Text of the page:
Southern Journal of Philosophy 54 (1):5-26 (2016)

Caroline T. Arruda
University of Texas at El Paso
The concept of recognition has played a role in two debates. In political philosophy, it is part of a communitarian response to liberal theories of distributive justice. It describes what it means to respect others’ right to self-determination. In ethics, Stephen Darwall argues that it comprises our judgment that we owe others moral consideration. I present a competing account of recognition on the grounds that most accounts answer the question of why others deserve recognition without answering the question of what is involved in recognizing them. This paper answers the latter. I argue that, in general, recognition is something that we do to others rather than something that we think about others. In particular, recognition is an intentional action to treat another individual as a legitimate, self-determining agent. I then show that recognition's realizability requires that agents understand their intentions as dependent on others for their satisfaction. Thus, relations of recognition are instances of collective intentionality.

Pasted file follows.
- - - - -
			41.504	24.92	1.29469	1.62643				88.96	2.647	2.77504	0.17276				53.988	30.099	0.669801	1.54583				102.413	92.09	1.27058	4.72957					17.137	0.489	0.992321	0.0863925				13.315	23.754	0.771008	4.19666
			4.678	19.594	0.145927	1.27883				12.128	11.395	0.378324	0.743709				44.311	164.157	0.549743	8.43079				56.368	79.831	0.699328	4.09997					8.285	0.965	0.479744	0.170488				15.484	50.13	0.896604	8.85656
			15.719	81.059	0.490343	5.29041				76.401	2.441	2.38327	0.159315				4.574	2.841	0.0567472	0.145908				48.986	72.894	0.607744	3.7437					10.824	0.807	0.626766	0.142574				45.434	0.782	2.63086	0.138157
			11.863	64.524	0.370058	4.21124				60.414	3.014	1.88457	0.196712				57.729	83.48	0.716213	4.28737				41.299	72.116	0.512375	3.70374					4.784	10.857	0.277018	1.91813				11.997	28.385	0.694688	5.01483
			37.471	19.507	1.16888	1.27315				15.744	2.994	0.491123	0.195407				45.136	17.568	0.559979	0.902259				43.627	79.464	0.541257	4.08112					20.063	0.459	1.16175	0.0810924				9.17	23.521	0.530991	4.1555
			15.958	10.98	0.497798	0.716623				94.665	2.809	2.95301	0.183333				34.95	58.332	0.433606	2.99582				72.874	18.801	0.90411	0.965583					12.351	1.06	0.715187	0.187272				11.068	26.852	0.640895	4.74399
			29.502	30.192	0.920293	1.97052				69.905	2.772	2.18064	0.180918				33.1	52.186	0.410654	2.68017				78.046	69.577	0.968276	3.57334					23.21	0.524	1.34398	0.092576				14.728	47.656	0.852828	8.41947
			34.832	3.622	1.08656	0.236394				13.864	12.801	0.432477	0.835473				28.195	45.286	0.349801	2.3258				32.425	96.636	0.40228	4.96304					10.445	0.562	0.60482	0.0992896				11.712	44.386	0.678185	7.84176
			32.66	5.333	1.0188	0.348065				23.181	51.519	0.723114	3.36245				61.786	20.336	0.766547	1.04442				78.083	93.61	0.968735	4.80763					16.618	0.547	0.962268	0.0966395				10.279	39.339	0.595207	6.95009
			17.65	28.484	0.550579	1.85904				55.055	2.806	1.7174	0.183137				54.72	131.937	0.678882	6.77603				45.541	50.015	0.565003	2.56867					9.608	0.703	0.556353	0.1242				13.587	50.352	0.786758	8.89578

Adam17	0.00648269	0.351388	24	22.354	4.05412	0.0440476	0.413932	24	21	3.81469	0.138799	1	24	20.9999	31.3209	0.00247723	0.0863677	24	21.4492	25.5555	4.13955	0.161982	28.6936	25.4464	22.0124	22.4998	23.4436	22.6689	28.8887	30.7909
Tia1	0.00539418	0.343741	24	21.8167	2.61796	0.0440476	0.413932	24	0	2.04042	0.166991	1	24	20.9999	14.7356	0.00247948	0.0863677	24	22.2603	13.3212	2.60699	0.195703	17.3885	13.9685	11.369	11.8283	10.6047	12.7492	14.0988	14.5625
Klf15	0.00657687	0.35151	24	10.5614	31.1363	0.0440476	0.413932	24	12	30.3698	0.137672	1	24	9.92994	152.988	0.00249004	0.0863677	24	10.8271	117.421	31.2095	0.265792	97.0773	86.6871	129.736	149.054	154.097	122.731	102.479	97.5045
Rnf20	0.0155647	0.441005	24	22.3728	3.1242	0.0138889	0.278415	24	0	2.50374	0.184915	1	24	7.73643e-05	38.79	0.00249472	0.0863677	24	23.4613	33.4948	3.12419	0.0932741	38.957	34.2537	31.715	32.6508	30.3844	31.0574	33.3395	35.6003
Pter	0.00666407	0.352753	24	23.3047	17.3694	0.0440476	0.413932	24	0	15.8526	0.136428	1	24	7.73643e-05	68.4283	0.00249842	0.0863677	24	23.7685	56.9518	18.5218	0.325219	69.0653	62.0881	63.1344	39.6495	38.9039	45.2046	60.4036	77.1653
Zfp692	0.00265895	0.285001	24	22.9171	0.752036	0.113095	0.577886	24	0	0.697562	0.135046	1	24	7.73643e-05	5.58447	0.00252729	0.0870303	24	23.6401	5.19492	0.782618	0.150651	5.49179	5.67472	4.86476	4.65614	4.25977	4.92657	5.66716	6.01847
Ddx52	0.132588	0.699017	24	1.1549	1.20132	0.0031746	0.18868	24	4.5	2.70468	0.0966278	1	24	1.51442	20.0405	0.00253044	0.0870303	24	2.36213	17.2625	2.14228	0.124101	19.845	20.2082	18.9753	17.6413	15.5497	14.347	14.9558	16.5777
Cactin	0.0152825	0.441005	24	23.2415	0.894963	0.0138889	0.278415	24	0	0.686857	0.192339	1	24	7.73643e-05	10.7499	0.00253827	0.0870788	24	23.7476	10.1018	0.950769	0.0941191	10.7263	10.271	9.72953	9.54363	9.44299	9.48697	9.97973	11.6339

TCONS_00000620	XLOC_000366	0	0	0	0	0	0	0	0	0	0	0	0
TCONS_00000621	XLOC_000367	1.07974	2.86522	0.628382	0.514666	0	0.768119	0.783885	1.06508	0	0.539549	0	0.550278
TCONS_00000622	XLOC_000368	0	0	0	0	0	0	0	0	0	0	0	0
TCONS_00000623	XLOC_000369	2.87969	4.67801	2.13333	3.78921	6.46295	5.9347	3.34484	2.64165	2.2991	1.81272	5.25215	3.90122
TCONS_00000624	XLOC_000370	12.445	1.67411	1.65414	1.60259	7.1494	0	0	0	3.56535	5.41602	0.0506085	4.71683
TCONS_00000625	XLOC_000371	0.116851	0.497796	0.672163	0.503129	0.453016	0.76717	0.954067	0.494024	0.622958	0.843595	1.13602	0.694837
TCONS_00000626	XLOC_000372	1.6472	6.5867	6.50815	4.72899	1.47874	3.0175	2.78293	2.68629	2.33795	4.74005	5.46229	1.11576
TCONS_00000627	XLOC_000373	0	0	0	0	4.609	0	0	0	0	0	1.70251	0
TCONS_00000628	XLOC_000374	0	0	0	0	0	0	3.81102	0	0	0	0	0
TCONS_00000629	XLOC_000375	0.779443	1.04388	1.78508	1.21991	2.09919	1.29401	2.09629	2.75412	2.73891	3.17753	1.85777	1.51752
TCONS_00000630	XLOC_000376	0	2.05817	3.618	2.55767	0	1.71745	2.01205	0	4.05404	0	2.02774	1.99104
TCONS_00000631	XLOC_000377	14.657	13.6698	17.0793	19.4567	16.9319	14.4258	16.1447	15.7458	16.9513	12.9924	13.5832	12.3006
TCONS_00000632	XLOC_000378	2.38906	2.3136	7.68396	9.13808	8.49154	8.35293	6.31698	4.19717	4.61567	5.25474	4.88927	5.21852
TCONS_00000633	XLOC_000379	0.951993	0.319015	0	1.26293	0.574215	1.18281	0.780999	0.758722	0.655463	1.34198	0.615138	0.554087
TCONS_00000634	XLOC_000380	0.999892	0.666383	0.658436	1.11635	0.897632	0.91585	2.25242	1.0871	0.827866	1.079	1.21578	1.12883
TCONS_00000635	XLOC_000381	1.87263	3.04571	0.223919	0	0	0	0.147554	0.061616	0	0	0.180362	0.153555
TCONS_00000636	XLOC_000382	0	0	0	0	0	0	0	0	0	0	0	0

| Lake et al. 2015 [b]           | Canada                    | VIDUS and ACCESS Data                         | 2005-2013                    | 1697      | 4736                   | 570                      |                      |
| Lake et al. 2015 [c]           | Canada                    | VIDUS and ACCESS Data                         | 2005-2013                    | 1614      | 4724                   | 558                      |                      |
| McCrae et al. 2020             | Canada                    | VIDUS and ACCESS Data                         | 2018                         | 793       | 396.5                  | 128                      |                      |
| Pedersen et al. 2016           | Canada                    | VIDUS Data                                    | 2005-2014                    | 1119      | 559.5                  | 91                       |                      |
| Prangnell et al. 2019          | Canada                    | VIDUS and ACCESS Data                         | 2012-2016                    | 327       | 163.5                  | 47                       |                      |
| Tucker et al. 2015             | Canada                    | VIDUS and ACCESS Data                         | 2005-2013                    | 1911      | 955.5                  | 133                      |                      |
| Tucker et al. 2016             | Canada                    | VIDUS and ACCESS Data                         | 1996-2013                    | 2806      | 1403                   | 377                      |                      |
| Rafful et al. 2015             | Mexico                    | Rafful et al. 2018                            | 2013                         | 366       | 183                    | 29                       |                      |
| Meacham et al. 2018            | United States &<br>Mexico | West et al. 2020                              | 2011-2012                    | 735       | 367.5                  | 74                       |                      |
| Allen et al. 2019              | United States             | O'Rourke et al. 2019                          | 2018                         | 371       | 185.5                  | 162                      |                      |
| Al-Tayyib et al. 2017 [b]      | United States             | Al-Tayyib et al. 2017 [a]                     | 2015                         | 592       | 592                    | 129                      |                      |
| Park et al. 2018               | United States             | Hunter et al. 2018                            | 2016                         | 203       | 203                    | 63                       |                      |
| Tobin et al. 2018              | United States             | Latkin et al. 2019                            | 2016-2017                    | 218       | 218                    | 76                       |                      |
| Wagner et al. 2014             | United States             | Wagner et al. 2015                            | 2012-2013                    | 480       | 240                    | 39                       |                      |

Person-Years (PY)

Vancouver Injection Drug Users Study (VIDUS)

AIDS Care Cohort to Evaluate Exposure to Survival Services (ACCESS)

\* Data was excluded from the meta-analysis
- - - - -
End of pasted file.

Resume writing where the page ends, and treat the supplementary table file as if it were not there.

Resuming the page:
Keywords Recognition  Respect  Agency  Stephen Darwall  Collective Intentionality  Shared Intention
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DOI 10.1111/sjp.12162
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References found in this work BETA

What We Owe to Each Other.Thomas Scanlon - 1998 - Belknap Press of Harvard University Press.
A Theory of Justice: Revised Edition.John Rawls - 1999 - Harvard University Press.
Slaves of the Passions.Mark Schroeder - 2009 - Analysis 69 (3):574-576.

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